Our Opinion: A divided Council debates free cash

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The Pittsfield City Council is winding down this session with a familiar, but unusually testy, philosophical debate about taxes versus reserves. That the debate is unfolding in the wake of an election season that has gone into overtime may be increasing the tension.

Mayor Linda Tyer originally proposed using $500,000 in free cash to reduce the tax rate to $19.99 per $1,000 of assessed value for residential properties and $39.96 for commercial. Following pushback from some city councilors, she agreed to set aside $750,000 in free cash. It appeared that the City Council would approve that figure at Tuesday's meeting and establish the tax rate, but most of the same councilors who objected earlier in the month argued in favor of adding another $250,000 based on their comfort with the $6.3 million in free cash and $3.9 million in stabilization funds the city has set aside. After Ward 2 Councilor Kevin Morandi ended the discussion with a charter objection, which can't be debated, Council President Peter Marchetti set a special meeting for this coming Tuesday to attempt to set a tax rate in time to get bills out before the end of December.

About half the City Council, including Councilor at large Melissa Mazzeo, who is considering legal action following her narrow loss to Mayor Tyer on Nov. 5 on the grounds that the mayor's husband and campaign manager, Barry Clairmont, was seen behind the counter at the Registrar of Voters Office in the days before the election, added that the additional funds should be used to give a break to taxpayers. Money in free cash, however, benefits taxpayers if a recession hits or an unexpected expense emerges. Mayor Tyer has been building the city's reserves to create financial security, and city Auditor Thomas Scanlon has consistently maintained that the city must break its habit of using free cash to meet annual expenses.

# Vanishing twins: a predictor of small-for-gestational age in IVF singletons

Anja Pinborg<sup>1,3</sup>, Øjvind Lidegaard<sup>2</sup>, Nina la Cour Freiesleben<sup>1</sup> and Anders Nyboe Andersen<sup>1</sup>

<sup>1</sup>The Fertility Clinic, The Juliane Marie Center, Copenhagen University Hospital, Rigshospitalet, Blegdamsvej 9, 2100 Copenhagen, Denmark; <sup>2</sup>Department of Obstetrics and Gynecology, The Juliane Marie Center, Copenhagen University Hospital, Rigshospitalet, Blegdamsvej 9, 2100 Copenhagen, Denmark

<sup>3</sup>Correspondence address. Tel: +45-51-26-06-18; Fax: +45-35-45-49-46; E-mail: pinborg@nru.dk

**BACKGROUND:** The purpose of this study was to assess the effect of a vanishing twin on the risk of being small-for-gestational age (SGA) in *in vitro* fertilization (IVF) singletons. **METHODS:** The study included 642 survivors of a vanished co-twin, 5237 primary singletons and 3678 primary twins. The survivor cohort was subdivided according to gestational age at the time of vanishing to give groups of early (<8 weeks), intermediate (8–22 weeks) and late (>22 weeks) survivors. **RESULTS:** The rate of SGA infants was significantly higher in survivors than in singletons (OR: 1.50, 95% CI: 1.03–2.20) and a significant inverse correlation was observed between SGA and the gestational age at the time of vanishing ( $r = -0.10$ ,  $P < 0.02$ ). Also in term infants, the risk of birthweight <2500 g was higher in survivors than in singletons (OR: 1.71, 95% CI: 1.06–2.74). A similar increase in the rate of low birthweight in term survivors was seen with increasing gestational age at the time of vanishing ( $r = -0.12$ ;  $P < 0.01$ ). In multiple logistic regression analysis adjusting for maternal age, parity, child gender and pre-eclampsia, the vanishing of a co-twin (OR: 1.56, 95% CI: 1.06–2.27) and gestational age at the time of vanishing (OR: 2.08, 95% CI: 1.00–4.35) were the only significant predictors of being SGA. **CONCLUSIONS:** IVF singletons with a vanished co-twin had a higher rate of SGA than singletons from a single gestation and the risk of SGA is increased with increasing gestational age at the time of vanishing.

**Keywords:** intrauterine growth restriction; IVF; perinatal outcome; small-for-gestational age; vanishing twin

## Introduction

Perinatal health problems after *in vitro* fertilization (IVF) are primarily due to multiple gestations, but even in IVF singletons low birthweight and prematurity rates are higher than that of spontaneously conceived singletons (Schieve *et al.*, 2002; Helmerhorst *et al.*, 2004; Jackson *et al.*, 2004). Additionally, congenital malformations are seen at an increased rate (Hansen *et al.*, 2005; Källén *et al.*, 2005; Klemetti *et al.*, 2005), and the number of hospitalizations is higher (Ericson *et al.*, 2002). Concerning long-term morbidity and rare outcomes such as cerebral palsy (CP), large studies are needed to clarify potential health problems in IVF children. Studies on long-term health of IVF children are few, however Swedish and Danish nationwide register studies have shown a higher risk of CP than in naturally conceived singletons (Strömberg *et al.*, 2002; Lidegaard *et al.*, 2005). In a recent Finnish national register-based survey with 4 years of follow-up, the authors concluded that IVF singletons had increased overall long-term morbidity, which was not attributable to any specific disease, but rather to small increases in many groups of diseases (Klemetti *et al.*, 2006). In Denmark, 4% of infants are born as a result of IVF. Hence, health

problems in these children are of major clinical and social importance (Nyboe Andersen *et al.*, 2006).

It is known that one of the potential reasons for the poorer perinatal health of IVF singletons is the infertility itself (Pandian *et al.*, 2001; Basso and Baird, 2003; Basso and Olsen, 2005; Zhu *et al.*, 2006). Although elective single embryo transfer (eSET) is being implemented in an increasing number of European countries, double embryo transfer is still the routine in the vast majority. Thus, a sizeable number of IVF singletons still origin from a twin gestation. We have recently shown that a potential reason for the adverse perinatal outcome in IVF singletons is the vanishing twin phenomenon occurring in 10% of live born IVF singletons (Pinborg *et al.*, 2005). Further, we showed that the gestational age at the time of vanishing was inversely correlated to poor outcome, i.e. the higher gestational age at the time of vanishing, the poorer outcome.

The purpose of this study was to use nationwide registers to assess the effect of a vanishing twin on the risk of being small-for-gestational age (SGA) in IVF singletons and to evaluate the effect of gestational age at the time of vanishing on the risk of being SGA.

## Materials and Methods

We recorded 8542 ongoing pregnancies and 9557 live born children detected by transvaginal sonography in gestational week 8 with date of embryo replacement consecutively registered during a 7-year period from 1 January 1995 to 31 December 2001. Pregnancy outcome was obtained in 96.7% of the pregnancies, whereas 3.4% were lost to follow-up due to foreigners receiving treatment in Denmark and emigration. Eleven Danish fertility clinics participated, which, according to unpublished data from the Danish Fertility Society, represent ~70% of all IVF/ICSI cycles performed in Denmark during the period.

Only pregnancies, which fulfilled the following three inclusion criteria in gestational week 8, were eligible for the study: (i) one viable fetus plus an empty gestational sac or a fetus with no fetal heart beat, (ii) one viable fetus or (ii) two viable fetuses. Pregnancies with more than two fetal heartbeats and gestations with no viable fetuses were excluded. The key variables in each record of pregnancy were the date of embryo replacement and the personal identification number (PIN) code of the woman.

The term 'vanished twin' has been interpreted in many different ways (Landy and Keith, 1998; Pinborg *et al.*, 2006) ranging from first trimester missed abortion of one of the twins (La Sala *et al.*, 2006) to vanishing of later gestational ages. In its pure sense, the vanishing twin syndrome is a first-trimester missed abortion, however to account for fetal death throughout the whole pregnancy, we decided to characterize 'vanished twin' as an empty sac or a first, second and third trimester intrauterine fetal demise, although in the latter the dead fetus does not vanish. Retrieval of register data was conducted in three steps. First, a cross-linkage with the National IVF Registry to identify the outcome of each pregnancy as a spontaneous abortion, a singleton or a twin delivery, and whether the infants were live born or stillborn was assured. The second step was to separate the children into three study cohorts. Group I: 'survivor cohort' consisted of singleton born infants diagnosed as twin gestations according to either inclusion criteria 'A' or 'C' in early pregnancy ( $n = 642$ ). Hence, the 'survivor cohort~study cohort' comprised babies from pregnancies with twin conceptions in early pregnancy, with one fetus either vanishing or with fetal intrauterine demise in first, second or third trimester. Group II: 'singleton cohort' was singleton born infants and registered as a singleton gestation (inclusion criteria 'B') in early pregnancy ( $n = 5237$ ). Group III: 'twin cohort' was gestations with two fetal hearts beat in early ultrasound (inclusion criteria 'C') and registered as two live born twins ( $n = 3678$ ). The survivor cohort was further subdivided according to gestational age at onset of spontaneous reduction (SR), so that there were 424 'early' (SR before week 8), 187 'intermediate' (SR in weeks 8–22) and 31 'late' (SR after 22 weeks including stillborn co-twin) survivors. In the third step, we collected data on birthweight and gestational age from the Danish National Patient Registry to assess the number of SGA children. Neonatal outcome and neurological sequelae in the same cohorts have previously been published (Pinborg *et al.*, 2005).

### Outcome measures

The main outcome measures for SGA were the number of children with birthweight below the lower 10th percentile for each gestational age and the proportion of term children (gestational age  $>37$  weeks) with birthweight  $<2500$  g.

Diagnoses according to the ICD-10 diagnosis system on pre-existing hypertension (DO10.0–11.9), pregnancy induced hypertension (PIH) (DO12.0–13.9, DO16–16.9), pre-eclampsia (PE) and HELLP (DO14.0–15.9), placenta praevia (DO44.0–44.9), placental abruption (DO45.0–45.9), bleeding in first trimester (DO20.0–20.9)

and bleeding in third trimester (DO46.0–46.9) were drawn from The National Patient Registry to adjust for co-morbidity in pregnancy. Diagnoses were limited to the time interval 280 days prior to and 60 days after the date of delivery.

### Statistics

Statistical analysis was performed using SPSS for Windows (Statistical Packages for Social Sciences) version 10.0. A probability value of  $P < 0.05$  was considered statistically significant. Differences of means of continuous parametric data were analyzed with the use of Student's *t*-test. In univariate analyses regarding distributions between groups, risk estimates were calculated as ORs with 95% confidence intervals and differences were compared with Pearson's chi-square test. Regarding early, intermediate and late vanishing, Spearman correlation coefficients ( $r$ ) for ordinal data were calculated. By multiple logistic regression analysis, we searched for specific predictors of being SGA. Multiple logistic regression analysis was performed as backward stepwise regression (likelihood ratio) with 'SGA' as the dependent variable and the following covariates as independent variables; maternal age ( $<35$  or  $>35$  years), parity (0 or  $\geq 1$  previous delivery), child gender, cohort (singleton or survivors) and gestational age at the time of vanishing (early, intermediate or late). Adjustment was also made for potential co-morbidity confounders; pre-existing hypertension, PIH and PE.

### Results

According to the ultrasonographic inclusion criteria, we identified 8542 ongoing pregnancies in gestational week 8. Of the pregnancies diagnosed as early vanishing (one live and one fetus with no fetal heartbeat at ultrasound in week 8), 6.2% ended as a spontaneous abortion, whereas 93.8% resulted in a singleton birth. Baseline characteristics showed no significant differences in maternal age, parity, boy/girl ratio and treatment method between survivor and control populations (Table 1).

After Council President Peter Marchetti and Councilor at large Earl Persip pointed out that the mayor had already shown a willingness to compromise, Ward 7 Councilor Tony Simonelli declared, "We don't work for the mayor. We work for the taxpayers." The mayor, of course, works for the taxpayers as well, and for government to work properly on behalf of the taxpayers the executive and legislative branches must find middle ground. That means the City Council must also compromise and not demand that the mayor make every concession.

When the debate came to an abrupt end, it appeared that supporters of adding another $250,000 in free cash were in the majority. While this debate could stretch beyond next Tuesday, Mr. Scanlon stressed that consensus was needed soon. With that in mind, it seems likely that the advocates of increased use of free cash will get their way. And then the city can look forward to a new session in which the mayor and City Council can ideally find reasons to come together rather than divide into warring camps.

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